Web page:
Frankie and Johnny in the Clair de Lune
Folk tales have a way of evolving as we reinterpret them to fit the times. Consider the ongoing popularity of playwright Terrence McNally's 1987 hit Frankie and Johnny in the Clair de Lune, an update of the famous blues ballad that has struck a chord with contemporary performers and audiences alike.
One of America's pre-eminent dramatists (The Lisbon Traviata; Love, Valour! Compassion!; Corpus Christi; Master Class; Kiss of the Spiderwoman), McNally takes the once tragic story—"He was her man, but he done her wrong …"—and turns it into a hard-hitting but ultimately redeeming romantic drama of two souls struggling with the onset of a loveless middle-age in the anonymous purgatory of New York City.
In Paragon Theatre's current production, director Michael Stricker wisely casts the talented duo of Emily Paton Davies and Thomas Borrillo as the foundering pair of hard-luck losers. Davies and Borrillo's off-stage chemistry magically comes alive on stage, strategically employed in the late night emotional rollercoaster ride that rumbles through Frankie's (Davies') apartment.
|Thomas Borrillo as Johnny and|
Emily Paton Davies as Frankie
Delivering psychologically (and sometimes physically) naked performances, Davies and Borrillo discover the truths about commitment that all lovers must face, and, in this version of the tale, eventually resolve.
As the old lyrics say, "Frankie and Johnny were lovers …", and the play begins in total darkness amid the sounds of pleasure from the fold-out sofa bed. With the relationship off to a great start, Johnny (Borrillo) comes on strong, launching into a heartfelt yet relentless campaign to win Frankie's affections.
Frankie, who's been "done wrong" enough times to question the possibility of ever being love, tries to douse Johnny's irrepressible ardor, and soon feels trapped by his full-court press; Johnny believes that Frankie's past has made her so guarded that if he gives up they'll lose their last chance at a meaningful life.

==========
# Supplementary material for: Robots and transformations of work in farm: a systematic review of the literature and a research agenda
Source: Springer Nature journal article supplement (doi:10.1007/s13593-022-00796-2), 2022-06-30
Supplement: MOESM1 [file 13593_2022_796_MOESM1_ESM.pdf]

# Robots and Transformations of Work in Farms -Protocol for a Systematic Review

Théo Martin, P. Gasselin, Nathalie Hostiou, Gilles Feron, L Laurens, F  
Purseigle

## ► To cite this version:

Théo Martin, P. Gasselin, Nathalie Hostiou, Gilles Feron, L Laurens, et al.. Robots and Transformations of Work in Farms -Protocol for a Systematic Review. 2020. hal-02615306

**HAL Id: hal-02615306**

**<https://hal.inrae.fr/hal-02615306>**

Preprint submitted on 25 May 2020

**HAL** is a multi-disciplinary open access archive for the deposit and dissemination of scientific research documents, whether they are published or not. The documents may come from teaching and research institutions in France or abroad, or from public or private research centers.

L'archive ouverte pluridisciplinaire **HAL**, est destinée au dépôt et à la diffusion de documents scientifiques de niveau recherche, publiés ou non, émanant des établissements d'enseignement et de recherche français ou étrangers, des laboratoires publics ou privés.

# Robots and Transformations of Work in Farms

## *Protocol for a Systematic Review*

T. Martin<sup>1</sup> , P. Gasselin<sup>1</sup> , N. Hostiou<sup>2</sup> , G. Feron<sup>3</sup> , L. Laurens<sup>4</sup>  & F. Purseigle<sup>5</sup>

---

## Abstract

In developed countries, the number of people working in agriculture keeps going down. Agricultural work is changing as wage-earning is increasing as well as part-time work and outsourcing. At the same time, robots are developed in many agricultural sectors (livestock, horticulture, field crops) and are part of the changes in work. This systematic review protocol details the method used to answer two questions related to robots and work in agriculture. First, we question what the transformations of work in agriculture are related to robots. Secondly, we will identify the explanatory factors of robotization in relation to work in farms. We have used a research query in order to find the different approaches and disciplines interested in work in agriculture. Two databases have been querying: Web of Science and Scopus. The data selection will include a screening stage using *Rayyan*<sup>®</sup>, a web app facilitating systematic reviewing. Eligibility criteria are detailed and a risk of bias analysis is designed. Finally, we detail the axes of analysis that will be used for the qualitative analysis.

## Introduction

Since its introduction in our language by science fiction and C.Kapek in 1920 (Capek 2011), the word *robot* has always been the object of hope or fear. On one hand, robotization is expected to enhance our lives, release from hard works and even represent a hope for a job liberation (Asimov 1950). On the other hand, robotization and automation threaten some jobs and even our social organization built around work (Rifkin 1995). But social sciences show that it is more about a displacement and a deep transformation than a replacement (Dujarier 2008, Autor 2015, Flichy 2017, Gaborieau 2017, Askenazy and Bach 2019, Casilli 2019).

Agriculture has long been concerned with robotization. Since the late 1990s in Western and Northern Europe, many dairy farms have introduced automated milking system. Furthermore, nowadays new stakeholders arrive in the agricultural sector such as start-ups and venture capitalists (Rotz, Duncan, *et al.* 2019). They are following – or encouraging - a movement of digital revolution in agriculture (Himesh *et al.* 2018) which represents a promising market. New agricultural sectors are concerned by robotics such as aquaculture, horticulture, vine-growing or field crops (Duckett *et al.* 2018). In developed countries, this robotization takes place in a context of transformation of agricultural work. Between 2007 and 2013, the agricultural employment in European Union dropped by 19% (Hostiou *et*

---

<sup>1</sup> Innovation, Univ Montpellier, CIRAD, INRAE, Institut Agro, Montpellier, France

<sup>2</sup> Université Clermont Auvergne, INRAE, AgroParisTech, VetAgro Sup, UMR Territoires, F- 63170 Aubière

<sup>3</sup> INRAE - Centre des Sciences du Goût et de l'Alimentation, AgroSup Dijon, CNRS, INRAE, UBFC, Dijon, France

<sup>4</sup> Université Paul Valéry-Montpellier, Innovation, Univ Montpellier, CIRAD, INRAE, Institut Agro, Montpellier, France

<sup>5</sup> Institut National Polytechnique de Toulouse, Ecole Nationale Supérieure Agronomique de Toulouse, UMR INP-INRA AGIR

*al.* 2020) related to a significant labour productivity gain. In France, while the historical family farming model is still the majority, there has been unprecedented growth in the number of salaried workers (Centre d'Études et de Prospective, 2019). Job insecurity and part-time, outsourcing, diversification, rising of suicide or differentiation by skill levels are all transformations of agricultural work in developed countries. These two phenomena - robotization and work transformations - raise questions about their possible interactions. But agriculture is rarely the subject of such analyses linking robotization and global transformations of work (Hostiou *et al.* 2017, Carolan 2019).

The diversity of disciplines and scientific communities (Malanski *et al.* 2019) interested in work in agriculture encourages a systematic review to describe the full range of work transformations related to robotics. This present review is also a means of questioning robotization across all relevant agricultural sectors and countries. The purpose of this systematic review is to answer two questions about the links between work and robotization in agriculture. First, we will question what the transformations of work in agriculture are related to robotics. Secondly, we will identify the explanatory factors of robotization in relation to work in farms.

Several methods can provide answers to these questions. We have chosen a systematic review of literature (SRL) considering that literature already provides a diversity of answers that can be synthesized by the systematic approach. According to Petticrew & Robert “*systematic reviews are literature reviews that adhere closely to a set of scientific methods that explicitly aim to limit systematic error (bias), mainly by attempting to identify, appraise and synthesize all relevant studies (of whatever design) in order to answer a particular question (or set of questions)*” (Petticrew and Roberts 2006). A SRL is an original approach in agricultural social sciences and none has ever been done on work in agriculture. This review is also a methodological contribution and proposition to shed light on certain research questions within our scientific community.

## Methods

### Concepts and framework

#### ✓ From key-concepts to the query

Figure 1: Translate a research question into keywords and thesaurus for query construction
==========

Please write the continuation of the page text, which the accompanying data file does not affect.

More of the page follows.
McNally's thoughtful script provides plenty of room for the pair, each in turn, to convince us of their respective cases. Davies handles the complexities of Frankie's arc with ease, transitioning from the aura of coital bliss to uneasiness to concern and back again, exploring and then finally embracing the trust prerequisite to accepting herself and "her man" for who they are.
Borrillo, too, flexes his range in creating cohesion between Johnny's multifaceted and contradictory facets—street philosopher, jailbird, comic, and reformer—as he hangs onto love's greatest aspirations by a tenuous thread.
Together, the director and the actors achieve a remarkable symbiosis between the universal forces at work here, squaring off with both Frankie and Johnny's darkest despairs and greatest desires.
McNally's mastery comes to the fore in a well-tempered mix of humor and poignancy, finding a moral in a tale that originally professed at having none, with the once star-crossed lovers ultimately triumphing in the enchanted moonlight.
Paragon Theatre Company's production of Frankie and Johnny in the Clair de Lune funs through March 10th. 303-300-2210.